It really is a terrible shame that Earthbound 64 was never finished and released. Had it not suffered all the setbacks that it did, this game could have served as a very big game-changer for Nintendo, which was feeling the nefarious effects of a very successful Sony system at the time. Taking the series’ popularity in Japan into account, it could have potentially saved the 64DD add-on and pushed it into enough hands to warrant an international release for both the game and the accompanying hardware. Even a standard cartridge release would have likely done the numbers and possibly brought the rest of us closer to legitimately experiencing this often misunderstood, yet in-depth and meaningful RPG franchise.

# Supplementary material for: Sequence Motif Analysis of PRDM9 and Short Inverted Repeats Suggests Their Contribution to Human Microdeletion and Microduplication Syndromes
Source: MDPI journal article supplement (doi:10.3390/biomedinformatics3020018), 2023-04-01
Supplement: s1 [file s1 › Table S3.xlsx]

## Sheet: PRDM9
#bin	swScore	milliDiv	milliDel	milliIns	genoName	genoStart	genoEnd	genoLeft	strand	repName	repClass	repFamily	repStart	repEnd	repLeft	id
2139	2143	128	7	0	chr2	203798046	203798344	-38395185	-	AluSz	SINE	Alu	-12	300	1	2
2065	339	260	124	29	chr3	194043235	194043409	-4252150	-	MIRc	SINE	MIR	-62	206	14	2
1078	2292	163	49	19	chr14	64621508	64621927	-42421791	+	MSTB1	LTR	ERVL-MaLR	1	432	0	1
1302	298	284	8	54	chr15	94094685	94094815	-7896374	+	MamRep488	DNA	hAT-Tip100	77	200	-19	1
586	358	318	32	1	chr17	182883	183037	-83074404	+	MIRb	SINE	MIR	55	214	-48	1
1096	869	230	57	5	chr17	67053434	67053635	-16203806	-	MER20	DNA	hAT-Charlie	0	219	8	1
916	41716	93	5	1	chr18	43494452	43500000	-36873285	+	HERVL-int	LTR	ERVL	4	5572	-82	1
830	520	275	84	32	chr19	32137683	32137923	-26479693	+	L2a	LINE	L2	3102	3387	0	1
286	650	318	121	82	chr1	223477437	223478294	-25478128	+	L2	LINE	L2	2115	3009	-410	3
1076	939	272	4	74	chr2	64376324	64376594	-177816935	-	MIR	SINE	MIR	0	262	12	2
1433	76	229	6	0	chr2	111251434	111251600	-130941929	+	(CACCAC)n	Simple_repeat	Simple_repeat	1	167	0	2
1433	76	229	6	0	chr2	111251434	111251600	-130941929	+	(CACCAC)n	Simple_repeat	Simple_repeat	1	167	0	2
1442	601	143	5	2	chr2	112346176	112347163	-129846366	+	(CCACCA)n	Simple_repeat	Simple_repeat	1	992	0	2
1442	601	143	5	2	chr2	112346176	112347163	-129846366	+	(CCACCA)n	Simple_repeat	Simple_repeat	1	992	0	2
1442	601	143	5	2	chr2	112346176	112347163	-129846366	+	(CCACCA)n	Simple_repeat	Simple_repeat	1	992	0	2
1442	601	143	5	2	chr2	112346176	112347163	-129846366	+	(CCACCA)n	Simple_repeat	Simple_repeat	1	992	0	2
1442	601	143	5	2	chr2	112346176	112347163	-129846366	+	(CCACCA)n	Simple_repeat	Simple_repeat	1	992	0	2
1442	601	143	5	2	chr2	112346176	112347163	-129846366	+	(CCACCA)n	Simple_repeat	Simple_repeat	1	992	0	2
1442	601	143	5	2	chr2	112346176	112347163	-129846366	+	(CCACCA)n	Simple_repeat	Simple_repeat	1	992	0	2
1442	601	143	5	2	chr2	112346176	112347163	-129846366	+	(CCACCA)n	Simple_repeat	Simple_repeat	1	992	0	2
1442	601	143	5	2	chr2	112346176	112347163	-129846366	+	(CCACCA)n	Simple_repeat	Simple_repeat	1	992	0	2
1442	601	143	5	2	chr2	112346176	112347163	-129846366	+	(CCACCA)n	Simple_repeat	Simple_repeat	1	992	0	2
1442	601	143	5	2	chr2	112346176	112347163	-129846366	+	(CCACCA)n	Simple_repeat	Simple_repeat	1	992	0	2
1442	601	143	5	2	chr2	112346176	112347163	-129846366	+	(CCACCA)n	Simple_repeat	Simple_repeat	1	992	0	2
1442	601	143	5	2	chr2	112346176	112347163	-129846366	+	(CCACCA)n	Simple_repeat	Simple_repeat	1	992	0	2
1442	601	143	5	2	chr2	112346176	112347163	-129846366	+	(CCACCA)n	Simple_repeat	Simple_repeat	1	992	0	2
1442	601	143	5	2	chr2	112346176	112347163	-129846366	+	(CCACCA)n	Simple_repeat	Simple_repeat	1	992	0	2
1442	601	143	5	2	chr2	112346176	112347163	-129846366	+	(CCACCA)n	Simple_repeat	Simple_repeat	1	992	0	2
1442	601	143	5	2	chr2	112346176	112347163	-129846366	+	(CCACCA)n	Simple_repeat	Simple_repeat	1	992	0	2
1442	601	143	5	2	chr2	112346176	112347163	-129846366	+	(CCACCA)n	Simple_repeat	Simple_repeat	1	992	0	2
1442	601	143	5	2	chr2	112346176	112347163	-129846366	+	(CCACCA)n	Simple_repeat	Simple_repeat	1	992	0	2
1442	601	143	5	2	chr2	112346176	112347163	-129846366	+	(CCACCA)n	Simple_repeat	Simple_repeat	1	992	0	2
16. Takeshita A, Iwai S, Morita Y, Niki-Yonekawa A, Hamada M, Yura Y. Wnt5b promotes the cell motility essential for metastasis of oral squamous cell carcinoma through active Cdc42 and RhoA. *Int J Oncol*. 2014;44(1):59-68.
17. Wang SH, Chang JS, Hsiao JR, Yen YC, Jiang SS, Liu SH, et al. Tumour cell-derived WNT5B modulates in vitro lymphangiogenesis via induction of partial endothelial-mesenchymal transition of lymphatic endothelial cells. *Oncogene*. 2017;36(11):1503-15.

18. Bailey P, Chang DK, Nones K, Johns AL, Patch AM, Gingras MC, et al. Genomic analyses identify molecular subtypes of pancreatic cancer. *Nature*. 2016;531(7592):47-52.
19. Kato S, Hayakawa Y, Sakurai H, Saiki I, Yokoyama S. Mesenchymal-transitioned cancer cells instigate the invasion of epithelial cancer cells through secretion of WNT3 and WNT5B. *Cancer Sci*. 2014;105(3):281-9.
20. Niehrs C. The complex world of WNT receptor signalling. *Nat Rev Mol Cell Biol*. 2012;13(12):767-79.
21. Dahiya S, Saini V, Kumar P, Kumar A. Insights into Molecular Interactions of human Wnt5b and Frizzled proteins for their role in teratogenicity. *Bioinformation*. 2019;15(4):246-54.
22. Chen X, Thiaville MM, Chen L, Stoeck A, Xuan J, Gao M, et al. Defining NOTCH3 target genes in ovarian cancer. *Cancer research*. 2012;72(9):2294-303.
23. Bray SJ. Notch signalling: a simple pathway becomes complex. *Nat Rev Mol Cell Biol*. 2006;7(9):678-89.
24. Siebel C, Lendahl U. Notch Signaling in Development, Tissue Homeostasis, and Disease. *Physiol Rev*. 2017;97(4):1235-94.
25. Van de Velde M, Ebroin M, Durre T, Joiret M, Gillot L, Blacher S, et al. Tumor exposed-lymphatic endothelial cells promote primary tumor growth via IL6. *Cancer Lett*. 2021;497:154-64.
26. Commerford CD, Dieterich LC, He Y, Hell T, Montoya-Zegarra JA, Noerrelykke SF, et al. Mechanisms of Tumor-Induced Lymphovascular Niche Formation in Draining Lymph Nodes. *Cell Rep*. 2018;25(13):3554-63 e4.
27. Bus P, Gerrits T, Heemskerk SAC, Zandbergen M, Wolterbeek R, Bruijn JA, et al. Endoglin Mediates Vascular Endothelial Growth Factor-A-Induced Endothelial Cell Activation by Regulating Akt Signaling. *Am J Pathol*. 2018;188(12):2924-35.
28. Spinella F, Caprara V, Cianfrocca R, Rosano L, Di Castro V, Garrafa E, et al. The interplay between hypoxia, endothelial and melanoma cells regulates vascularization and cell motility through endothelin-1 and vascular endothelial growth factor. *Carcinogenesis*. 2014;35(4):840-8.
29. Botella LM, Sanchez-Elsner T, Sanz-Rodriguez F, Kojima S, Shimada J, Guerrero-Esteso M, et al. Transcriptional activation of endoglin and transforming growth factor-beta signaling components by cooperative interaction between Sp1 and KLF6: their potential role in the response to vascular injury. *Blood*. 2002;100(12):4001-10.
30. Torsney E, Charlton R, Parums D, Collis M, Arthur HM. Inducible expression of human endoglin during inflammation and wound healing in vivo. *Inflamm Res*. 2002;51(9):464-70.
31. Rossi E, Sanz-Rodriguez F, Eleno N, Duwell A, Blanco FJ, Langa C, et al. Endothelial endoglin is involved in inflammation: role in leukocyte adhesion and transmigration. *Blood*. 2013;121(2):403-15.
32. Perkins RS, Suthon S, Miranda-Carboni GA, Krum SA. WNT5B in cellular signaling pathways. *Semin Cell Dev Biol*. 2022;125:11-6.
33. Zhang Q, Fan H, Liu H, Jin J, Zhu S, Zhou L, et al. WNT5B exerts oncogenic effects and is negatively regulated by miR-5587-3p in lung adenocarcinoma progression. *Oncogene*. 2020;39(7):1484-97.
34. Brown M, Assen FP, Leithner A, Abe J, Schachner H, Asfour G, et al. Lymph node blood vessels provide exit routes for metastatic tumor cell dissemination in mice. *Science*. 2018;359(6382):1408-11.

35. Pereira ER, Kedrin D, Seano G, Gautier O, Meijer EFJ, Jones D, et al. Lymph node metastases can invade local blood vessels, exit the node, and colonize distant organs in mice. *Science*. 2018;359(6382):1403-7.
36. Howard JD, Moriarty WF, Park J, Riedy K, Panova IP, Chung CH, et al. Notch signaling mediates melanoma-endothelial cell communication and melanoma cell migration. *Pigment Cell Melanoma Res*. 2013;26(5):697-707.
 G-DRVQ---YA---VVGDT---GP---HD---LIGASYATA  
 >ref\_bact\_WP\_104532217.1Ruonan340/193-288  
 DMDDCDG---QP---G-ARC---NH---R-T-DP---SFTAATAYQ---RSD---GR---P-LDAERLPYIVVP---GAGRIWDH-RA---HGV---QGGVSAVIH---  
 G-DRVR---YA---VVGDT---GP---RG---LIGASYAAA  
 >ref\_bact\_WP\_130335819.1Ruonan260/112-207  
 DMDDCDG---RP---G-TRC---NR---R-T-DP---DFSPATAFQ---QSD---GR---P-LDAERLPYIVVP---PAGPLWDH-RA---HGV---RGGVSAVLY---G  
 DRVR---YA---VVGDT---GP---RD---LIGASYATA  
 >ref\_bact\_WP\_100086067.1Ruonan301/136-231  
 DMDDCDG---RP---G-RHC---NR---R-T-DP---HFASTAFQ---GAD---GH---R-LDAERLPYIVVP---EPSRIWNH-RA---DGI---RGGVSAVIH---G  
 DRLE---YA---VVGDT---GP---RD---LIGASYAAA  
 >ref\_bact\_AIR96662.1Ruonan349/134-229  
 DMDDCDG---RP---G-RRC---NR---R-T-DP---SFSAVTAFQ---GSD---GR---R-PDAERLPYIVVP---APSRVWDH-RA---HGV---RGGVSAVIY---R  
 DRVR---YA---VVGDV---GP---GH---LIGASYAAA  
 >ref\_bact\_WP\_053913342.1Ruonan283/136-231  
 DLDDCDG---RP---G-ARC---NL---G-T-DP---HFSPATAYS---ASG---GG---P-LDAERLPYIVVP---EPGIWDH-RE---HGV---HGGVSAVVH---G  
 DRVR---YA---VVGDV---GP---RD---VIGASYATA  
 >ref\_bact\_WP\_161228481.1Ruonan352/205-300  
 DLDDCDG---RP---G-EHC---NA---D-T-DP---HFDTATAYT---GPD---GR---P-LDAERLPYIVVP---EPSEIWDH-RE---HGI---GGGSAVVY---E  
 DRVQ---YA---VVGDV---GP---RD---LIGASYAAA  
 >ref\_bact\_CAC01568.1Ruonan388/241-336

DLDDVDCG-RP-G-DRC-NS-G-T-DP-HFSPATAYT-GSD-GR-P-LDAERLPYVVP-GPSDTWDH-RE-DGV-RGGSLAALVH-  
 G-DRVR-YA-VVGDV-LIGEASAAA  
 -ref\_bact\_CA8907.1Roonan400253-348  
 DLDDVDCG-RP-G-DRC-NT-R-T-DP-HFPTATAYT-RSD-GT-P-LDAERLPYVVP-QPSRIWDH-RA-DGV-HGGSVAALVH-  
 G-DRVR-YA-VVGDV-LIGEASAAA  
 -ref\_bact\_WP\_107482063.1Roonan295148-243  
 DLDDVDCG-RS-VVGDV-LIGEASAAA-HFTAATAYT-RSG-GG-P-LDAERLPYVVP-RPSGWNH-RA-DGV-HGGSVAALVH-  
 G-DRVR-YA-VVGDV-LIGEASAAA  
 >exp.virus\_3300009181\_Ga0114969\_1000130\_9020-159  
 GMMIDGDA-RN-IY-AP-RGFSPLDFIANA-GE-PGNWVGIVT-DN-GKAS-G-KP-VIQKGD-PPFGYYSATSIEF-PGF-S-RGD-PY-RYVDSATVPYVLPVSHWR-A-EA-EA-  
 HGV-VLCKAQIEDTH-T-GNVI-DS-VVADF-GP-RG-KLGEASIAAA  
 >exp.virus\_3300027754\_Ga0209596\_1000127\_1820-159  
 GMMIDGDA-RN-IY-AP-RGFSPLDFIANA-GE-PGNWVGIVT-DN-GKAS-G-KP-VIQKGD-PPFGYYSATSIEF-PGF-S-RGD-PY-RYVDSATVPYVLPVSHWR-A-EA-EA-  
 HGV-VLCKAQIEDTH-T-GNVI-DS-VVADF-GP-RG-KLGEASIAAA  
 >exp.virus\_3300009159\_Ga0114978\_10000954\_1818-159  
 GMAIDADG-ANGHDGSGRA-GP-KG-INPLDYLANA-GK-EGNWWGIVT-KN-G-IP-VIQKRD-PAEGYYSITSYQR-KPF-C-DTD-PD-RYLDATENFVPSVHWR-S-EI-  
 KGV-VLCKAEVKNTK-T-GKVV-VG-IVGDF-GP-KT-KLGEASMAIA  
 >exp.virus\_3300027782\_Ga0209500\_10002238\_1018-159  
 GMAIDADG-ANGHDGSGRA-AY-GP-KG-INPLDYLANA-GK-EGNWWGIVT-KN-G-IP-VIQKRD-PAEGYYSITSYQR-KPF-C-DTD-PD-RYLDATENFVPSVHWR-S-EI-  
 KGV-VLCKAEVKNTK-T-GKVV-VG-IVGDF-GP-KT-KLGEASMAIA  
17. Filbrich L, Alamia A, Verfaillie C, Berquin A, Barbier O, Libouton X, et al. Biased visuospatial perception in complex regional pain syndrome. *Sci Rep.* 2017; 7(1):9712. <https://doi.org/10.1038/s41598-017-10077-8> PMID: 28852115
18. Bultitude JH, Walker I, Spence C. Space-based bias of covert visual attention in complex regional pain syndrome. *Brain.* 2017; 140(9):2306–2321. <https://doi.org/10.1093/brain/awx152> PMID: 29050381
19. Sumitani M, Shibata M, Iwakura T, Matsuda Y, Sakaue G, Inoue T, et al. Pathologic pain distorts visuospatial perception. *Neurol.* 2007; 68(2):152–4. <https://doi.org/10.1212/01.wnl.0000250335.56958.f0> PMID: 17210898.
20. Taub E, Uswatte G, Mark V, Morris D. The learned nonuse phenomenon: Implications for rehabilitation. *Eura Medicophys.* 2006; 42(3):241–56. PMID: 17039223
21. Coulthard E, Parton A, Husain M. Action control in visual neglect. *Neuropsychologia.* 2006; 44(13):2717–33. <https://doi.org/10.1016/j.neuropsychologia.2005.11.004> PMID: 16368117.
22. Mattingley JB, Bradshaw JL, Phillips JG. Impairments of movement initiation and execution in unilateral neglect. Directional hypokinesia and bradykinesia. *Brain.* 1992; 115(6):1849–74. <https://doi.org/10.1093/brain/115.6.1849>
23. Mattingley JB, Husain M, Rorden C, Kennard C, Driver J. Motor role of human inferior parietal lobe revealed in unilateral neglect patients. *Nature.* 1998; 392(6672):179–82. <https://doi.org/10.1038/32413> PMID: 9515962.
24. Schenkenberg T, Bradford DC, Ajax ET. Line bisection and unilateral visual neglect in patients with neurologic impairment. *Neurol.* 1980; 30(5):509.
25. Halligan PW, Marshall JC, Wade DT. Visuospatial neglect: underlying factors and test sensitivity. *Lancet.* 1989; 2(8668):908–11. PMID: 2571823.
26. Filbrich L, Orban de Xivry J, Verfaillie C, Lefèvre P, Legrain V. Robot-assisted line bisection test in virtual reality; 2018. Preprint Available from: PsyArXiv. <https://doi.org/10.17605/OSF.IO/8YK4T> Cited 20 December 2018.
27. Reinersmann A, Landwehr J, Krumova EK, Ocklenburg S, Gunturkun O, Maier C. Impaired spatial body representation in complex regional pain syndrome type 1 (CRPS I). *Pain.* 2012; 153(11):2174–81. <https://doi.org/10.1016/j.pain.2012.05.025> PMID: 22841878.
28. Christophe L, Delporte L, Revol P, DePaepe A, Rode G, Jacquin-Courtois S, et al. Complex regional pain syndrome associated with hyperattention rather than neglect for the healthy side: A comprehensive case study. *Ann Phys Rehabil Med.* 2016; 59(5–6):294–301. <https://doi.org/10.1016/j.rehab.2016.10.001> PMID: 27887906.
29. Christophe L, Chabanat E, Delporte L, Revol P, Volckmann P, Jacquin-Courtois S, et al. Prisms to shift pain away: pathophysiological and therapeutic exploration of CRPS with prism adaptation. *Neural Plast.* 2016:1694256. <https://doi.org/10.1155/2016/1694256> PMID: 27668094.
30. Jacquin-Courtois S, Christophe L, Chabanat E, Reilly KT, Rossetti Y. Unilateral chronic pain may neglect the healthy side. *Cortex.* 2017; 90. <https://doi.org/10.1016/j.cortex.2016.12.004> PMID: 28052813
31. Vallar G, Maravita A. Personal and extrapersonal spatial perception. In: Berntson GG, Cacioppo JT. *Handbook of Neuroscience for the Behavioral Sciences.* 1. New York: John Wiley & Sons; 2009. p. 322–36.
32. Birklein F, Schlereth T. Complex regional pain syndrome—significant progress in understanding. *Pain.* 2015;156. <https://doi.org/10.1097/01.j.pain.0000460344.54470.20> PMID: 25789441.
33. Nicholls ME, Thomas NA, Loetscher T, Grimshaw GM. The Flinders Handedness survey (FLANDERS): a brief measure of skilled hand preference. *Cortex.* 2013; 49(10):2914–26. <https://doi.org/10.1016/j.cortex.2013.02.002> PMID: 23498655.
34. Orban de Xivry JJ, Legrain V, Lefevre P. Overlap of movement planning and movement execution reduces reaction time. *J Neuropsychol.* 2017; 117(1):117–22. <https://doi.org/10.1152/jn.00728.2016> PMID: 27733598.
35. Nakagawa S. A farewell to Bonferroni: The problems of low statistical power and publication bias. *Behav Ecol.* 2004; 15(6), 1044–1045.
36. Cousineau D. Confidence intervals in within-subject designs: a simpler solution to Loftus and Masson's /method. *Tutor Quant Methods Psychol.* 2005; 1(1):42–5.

Box art for EarthBound 64 (Cancelled)
Also known as

Mother 3 (Cancelled)

Developer

Ape / Shigesato Itoi

Publisher

Nintendo

Genre

Turn Based RPG

Players

1

C3 Score

Rated $score out of 10  n/a

Reader Score

Rated $score out of 10  0 (0 Votes)

European release date None   North America release date None   Japan release date None   Australian release date None   

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Comments

Very insightful. Having played Mother 2 last year for the first time, which was sublime and not what I expected, I am quite eager to try out this fan translation of Mother 3 now. Would have been interesting to see the craziness of a 64 version in the end. I really hope they do a 3D Mother some day.

I need to revisit the Mother games, definitely. I *did* play Earthbound on the SNES years ago, but I was only a young'un back then, so couldn't fully appreciate its quirkiness. Mother 3 on GBA is amazing, though, but I stopped myself playing through too far because I really want to force myself to play the series in order, especially now the NES game's fan-translated as well.